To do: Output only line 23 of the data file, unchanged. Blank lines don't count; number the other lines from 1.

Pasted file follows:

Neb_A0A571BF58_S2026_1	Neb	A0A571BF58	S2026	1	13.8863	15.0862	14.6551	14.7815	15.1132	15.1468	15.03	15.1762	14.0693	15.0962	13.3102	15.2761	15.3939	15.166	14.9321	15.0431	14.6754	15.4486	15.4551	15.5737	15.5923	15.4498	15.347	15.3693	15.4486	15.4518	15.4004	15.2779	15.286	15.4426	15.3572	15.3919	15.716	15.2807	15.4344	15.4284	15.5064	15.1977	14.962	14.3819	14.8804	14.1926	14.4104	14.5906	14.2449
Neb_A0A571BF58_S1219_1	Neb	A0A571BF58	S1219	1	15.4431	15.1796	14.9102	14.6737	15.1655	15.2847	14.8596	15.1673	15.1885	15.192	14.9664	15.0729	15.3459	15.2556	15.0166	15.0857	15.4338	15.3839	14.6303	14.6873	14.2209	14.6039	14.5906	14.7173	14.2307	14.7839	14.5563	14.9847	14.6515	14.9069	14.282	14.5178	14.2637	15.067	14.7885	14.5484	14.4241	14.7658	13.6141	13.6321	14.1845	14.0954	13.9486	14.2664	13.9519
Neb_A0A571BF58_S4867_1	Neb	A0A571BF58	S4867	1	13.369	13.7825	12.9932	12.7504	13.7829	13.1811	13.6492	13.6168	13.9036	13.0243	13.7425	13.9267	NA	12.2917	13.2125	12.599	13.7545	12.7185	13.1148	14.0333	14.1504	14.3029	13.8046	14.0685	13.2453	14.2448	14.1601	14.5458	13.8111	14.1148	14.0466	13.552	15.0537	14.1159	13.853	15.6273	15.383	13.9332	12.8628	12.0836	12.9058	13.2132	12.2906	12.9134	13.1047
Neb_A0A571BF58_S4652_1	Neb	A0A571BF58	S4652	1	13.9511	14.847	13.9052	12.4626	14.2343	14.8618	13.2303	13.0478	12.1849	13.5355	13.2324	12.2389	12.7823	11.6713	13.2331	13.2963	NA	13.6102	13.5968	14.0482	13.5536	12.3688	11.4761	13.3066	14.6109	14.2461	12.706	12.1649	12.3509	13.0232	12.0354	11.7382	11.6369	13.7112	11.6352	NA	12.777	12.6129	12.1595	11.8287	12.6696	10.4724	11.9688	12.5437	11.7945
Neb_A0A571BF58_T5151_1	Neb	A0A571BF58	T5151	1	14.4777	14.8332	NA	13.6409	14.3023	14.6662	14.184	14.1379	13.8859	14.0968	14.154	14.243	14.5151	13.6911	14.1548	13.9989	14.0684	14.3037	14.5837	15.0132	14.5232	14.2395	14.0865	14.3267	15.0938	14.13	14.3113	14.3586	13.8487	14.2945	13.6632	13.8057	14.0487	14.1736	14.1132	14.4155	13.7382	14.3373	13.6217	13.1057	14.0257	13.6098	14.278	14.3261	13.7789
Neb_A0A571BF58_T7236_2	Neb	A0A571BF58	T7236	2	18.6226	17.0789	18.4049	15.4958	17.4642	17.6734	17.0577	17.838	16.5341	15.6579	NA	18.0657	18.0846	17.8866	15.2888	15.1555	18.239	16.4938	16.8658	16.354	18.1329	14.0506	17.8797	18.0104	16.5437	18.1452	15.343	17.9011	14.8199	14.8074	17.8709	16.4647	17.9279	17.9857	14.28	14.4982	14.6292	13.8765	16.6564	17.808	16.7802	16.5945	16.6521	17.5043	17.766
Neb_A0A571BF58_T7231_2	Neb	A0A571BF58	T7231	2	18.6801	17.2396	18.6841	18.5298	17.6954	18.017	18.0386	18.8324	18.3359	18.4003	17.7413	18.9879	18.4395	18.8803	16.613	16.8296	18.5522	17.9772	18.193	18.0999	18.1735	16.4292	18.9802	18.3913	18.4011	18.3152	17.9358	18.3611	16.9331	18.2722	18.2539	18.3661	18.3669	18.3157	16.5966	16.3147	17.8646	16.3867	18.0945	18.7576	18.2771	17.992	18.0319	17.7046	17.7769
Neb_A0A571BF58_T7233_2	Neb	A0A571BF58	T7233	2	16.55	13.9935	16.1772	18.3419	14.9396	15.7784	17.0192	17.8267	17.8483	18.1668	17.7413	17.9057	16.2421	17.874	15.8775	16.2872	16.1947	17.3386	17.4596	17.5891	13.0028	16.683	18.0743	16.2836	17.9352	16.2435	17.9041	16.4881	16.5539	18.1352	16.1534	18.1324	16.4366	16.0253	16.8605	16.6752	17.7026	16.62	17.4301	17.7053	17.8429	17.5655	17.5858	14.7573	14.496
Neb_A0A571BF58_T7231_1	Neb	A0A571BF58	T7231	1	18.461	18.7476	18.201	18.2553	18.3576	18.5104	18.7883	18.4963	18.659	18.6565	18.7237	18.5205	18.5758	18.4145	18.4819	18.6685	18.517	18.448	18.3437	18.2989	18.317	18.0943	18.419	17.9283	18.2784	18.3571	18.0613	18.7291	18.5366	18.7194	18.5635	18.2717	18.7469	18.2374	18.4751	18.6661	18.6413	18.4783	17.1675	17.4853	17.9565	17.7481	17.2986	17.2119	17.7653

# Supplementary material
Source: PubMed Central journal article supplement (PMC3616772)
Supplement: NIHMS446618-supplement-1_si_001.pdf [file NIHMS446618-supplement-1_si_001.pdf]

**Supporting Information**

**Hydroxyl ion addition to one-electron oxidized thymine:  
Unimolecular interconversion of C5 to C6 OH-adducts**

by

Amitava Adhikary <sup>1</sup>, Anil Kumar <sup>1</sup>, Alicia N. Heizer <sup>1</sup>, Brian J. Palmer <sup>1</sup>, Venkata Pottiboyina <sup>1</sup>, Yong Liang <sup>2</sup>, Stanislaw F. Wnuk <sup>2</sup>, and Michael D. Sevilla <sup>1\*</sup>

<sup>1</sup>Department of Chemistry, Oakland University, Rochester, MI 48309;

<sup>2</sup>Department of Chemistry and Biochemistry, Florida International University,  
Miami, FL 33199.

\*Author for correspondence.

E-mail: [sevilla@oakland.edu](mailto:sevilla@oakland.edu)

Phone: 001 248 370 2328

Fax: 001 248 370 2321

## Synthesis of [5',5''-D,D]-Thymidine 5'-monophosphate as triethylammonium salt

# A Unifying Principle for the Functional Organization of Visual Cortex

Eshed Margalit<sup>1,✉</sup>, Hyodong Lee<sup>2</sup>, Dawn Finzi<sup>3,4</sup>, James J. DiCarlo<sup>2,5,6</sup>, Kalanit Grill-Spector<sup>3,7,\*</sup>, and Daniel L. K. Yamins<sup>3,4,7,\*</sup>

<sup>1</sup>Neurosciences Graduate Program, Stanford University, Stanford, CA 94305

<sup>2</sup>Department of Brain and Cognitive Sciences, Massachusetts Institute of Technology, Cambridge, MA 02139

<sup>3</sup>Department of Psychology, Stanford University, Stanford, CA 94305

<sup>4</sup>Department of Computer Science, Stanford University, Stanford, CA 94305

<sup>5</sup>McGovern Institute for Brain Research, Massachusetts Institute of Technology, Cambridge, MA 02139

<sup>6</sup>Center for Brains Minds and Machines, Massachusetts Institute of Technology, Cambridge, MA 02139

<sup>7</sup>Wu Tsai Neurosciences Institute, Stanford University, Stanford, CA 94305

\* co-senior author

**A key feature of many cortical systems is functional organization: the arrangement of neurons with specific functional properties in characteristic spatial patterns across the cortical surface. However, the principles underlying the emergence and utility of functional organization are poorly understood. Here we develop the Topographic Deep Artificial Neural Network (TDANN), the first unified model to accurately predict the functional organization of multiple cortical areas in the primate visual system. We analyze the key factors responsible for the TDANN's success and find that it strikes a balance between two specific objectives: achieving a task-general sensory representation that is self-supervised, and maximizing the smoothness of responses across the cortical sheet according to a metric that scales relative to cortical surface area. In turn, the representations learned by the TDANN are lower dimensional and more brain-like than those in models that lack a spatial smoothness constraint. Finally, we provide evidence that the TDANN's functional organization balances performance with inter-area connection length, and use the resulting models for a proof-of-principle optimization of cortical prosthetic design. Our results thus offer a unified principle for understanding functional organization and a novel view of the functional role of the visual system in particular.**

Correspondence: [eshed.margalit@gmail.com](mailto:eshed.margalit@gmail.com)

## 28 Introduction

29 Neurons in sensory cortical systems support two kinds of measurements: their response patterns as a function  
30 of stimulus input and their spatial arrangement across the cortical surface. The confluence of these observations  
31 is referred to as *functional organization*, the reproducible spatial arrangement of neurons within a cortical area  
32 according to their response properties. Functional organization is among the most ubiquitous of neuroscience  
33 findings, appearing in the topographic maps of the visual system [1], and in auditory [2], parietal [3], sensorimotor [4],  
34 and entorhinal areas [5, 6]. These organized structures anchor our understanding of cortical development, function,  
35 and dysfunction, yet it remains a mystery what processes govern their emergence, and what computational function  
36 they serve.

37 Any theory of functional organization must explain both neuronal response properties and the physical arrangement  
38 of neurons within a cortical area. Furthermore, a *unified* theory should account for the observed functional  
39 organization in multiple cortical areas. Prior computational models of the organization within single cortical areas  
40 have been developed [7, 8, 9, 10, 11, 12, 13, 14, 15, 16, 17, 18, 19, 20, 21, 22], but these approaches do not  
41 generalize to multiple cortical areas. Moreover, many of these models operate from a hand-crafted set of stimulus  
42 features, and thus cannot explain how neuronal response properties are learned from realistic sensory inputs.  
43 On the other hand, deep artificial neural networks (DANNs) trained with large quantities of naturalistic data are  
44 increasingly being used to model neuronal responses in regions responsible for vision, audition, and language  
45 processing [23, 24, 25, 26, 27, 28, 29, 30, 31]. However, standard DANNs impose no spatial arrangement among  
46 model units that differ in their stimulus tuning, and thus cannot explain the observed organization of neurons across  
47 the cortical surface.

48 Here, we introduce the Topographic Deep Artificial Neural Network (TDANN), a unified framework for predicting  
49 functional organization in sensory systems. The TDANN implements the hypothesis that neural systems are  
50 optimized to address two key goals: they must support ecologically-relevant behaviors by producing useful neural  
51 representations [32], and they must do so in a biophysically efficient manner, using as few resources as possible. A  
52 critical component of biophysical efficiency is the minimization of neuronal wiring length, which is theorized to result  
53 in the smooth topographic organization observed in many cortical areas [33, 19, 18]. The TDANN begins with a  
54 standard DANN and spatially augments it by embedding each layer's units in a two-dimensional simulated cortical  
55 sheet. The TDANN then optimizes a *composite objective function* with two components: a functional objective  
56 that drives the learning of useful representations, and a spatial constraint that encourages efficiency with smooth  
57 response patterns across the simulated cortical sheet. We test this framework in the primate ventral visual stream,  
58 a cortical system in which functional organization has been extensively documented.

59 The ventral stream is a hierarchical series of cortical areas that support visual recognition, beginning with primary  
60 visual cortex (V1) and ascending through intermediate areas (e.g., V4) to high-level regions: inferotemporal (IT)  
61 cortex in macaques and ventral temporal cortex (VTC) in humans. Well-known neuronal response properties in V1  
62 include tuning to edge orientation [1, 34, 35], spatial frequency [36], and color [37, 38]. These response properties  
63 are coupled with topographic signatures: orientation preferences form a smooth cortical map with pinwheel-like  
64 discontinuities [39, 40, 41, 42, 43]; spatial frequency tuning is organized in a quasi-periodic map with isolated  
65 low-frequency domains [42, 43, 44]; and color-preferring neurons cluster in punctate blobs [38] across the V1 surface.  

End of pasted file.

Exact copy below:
Phone: 001 248 370 2328